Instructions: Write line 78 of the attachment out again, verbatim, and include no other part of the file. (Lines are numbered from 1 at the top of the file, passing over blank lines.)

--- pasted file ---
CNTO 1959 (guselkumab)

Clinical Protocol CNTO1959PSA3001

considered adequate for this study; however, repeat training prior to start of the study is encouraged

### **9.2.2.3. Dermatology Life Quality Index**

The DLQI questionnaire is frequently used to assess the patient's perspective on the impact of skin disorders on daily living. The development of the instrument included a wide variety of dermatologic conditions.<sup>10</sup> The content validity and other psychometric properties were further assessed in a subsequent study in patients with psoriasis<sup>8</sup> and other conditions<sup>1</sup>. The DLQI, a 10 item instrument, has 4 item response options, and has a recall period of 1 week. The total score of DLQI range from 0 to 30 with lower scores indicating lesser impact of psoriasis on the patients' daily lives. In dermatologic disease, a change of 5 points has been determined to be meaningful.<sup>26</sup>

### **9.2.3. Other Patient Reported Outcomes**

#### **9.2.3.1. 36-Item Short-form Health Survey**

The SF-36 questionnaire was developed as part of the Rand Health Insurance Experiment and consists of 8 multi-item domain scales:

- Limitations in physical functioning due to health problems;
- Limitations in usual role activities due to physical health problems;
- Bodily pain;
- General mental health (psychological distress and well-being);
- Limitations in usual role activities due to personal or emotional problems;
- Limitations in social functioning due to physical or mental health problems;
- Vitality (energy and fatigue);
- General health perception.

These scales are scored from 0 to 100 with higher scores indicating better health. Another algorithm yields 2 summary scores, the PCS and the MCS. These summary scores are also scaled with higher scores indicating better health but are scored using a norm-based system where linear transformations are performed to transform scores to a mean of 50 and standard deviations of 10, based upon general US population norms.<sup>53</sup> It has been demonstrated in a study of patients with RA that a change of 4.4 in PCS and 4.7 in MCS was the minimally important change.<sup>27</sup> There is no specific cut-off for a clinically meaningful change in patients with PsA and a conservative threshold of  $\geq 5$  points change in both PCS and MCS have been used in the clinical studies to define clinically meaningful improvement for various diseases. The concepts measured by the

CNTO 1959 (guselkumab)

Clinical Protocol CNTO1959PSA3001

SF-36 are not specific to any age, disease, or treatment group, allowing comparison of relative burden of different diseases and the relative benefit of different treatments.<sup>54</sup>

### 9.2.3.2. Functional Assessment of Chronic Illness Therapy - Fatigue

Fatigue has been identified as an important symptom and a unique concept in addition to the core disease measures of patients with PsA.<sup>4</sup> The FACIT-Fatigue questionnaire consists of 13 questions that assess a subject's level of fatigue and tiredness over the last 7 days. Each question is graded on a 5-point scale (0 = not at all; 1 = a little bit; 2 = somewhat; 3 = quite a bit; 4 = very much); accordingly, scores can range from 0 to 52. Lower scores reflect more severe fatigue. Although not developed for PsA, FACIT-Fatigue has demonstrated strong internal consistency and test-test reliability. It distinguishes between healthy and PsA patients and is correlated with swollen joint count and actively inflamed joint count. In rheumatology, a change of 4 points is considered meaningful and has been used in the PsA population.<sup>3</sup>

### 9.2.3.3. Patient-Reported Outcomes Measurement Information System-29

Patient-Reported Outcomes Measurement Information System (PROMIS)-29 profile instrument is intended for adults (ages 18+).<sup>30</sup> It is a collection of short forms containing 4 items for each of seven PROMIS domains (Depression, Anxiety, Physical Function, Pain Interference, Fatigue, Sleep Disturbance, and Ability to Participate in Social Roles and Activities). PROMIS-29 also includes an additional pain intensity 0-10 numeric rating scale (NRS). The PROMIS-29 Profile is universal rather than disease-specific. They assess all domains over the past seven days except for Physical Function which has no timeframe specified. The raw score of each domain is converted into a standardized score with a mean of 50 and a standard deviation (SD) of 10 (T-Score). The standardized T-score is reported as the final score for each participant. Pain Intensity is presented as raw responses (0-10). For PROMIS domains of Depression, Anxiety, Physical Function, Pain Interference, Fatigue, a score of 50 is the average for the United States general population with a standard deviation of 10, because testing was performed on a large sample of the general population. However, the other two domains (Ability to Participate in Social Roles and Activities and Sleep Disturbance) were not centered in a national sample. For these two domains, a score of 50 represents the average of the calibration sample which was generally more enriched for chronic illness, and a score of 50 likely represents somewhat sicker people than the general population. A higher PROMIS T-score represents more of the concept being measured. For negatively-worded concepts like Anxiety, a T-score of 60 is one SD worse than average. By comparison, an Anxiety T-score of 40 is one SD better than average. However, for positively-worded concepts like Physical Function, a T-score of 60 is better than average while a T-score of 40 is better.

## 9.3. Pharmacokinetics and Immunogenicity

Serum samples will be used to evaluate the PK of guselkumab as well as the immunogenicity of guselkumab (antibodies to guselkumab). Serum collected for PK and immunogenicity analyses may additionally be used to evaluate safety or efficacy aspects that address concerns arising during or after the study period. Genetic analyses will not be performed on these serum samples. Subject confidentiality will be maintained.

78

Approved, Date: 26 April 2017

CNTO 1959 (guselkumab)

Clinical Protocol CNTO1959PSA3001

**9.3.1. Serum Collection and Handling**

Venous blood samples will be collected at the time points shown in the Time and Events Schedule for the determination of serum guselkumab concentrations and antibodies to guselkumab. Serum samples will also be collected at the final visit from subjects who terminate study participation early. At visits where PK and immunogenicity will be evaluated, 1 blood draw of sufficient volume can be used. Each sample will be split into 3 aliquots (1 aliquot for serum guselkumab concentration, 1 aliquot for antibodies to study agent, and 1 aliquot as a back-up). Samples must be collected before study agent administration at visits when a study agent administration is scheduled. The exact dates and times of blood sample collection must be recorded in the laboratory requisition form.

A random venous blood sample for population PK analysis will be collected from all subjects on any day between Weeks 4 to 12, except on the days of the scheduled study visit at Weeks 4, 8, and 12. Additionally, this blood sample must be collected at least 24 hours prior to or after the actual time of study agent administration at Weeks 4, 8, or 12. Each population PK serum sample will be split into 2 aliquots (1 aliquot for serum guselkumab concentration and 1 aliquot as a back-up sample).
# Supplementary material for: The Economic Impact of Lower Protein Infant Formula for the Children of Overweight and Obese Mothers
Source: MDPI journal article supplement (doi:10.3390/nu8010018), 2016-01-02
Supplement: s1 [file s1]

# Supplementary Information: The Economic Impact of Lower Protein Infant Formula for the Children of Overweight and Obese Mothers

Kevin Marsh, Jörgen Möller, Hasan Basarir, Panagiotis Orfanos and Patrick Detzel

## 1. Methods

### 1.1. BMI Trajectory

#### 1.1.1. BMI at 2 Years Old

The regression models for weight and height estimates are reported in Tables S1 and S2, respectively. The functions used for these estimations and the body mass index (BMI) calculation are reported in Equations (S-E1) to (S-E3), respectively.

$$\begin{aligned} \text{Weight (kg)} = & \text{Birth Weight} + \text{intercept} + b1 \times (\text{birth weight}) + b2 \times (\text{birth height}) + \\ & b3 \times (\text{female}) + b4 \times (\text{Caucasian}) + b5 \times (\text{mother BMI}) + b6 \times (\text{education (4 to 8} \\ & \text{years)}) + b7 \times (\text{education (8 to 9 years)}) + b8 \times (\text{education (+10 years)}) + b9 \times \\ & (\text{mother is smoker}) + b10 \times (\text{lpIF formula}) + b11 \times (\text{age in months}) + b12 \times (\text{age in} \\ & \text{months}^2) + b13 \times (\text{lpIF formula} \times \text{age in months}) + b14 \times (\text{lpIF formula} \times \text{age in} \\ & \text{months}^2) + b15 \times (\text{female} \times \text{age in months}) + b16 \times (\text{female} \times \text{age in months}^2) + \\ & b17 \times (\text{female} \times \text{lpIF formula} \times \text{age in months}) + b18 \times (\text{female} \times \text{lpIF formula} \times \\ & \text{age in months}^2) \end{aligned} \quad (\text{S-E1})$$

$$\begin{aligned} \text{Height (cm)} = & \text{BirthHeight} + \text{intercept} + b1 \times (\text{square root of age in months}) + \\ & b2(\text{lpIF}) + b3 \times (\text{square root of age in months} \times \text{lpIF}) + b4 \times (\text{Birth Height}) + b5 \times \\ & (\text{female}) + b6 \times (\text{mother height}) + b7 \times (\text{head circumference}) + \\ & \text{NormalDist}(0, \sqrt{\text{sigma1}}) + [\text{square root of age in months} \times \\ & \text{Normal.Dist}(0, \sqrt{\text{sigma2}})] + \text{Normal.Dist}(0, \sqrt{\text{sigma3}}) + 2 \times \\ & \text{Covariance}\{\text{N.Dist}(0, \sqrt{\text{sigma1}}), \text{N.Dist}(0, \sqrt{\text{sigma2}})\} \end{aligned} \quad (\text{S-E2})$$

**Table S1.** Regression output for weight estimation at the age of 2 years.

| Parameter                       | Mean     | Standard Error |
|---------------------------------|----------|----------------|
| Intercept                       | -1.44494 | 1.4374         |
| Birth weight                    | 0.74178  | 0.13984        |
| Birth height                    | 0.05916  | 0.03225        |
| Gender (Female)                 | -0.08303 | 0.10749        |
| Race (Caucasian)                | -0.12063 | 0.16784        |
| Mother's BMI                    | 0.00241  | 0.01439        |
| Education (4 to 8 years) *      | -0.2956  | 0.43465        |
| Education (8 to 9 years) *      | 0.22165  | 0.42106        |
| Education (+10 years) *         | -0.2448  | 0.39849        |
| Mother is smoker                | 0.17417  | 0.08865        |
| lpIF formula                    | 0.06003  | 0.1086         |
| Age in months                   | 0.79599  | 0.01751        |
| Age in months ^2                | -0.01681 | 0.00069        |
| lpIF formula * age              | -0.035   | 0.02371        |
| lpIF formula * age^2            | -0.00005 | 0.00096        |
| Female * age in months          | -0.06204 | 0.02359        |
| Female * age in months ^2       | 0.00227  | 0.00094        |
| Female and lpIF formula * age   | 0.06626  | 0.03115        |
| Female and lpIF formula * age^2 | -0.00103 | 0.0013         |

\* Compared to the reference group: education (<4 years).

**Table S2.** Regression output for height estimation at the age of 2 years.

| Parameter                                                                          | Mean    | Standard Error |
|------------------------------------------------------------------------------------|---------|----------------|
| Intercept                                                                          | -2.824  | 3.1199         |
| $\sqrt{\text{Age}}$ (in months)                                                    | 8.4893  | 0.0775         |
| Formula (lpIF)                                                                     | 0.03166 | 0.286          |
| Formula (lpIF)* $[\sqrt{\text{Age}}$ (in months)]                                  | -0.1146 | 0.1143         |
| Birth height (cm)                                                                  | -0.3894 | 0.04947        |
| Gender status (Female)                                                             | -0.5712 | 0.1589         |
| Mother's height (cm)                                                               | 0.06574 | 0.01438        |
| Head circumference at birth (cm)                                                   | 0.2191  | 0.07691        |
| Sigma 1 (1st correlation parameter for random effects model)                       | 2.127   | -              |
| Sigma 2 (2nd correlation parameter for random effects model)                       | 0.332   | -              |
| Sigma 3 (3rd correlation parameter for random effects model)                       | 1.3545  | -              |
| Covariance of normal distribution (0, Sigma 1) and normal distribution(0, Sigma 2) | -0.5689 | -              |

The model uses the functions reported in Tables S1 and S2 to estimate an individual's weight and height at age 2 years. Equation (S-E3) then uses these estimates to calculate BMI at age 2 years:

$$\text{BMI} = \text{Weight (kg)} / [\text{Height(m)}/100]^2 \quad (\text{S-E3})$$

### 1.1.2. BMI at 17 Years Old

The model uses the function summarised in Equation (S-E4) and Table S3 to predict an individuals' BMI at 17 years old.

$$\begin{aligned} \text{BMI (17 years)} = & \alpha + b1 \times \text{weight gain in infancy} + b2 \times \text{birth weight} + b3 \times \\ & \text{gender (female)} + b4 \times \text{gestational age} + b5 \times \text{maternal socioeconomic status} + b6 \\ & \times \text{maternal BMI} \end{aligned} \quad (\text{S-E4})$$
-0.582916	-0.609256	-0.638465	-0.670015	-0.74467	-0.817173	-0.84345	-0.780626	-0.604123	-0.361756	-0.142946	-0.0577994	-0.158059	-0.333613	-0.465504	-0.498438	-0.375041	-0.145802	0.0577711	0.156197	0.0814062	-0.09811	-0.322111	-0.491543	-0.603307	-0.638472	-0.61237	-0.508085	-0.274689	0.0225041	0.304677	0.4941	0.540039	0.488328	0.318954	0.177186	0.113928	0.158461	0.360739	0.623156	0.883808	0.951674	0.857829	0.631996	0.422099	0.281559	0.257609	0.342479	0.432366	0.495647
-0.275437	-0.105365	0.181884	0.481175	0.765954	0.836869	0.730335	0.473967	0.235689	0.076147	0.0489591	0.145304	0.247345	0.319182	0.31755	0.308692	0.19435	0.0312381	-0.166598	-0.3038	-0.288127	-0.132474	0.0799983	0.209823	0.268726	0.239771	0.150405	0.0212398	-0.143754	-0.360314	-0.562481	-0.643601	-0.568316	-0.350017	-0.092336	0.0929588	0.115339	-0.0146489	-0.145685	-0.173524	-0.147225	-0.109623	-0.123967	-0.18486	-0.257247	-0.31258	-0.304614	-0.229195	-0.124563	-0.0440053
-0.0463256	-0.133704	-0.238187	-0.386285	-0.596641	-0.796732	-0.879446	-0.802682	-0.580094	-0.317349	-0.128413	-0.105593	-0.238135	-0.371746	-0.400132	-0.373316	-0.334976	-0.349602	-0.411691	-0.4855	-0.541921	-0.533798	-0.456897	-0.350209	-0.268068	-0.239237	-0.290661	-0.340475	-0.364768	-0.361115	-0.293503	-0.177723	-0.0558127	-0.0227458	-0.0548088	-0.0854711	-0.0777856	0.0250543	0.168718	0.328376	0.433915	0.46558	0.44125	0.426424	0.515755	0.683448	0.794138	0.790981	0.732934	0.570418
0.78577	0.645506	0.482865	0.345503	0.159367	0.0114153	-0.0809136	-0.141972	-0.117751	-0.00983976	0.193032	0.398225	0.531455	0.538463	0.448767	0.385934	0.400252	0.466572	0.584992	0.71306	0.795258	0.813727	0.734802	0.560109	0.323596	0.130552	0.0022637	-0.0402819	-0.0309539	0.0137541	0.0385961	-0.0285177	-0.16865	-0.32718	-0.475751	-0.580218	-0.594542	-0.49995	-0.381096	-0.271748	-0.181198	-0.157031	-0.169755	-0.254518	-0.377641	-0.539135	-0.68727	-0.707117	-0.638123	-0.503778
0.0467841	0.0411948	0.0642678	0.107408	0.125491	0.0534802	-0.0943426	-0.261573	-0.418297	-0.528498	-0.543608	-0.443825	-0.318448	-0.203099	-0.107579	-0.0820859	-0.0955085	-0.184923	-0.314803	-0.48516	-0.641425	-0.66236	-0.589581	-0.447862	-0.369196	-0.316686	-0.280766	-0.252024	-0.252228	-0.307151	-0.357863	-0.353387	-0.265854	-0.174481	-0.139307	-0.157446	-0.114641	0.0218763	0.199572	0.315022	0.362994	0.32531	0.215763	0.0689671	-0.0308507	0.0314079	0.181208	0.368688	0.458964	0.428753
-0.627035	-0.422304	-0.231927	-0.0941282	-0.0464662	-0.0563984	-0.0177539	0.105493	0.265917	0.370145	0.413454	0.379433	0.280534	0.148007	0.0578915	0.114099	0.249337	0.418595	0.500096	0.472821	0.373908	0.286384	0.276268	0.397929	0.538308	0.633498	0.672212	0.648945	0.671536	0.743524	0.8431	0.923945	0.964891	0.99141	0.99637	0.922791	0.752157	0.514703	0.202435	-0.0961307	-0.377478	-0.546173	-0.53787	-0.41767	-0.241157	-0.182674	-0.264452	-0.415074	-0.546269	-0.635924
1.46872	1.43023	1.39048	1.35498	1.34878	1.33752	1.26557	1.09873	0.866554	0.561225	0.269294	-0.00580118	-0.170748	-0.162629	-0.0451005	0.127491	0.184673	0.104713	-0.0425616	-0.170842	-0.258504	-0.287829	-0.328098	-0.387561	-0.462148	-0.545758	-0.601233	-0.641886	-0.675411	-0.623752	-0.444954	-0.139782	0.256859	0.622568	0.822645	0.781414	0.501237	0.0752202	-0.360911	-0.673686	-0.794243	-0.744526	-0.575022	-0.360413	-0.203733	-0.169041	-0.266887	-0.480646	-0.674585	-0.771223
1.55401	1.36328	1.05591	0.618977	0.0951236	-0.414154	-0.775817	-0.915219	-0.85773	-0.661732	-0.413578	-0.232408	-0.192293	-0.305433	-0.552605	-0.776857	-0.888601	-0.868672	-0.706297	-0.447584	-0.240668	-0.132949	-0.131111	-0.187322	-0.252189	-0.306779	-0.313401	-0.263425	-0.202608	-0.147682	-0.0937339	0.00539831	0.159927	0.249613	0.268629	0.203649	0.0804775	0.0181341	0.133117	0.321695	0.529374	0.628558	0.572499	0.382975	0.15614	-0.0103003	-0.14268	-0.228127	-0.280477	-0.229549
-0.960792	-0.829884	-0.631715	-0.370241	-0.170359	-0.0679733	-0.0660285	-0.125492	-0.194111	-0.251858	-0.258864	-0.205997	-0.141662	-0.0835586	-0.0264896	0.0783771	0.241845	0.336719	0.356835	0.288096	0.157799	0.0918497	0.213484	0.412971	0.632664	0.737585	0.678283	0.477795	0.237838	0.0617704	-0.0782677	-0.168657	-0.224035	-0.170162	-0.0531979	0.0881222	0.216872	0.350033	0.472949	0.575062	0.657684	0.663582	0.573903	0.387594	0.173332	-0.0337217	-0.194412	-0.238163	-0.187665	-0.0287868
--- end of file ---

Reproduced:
| Head circumference at birth (cm)                                                   | 0.2191  | 0.07691        |